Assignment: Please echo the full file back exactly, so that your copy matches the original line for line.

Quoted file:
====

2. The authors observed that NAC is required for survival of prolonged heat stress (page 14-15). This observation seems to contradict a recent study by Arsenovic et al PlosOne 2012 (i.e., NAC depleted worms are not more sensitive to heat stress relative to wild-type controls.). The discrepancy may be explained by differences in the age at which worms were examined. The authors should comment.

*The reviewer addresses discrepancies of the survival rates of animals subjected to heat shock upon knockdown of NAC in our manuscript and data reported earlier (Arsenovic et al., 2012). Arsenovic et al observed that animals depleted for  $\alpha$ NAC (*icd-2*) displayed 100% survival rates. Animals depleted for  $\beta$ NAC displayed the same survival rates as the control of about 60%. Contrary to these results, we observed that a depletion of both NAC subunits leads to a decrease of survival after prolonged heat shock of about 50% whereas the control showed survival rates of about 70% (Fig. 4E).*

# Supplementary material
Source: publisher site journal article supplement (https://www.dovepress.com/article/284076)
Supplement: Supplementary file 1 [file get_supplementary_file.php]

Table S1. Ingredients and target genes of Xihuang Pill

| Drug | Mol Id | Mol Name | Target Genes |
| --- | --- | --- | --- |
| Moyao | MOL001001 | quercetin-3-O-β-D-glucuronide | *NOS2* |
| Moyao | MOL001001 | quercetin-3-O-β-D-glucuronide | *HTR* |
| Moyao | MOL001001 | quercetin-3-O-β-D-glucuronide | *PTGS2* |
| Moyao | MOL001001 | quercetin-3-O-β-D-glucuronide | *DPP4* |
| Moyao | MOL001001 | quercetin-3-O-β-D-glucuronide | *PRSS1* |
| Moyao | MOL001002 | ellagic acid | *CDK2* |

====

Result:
2. The authors observed that NAC is required for survival of prolonged heat stress (page 14-15). This observation seems to contradict a recent study by Arsenovic et al PlosOne 2012 (i.e., NAC depleted worms are not more sensitive to heat stress relative to wild-type controls.). The discrepancy may be explained by differences in the age at which worms were examined. The authors should comment.

*The reviewer addresses discrepancies of the survival rates of animals subjected to heat shock upon knockdown of NAC in our manuscript and data reported earlier (Arsenovic et al., 2012). Arsenovic et al observed that animals depleted for  $\alpha$ NAC (*icd-2*) displayed 100% survival rates. Animals depleted for  $\beta$ NAC displayed the same survival rates as the control of about 60%. Contrary to these results, we observed that a depletion of both NAC subunits leads to a decrease of survival after prolonged heat shock of about 50% whereas the control showed survival rates of about 70% (Fig. 4E).*

# Supplementary material
Source: publisher site journal article supplement (https://www.dovepress.com/article/284076)
Supplement: Supplementary file 1 [file get_supplementary_file.php]

Table S1. Ingredients and target genes of Xihuang Pill

| Drug | Mol Id | Mol Name | Target Genes |
| --- | --- | --- | --- |
| Moyao | MOL001001 | quercetin-3-O-β-D-glucuronide | *NOS2* |
| Moyao | MOL001001 | quercetin-3-O-β-D-glucuronide | *HTR* |
| Moyao | MOL001001 | quercetin-3-O-β-D-glucuronide | *PTGS2* |
| Moyao | MOL001001 | quercetin-3-O-β-D-glucuronide | *DPP4* |
| Moyao | MOL001001 | quercetin-3-O-β-D-glucuronide | *PRSS1* |
| Moyao | MOL001002 | ellagic acid | *CDK2* |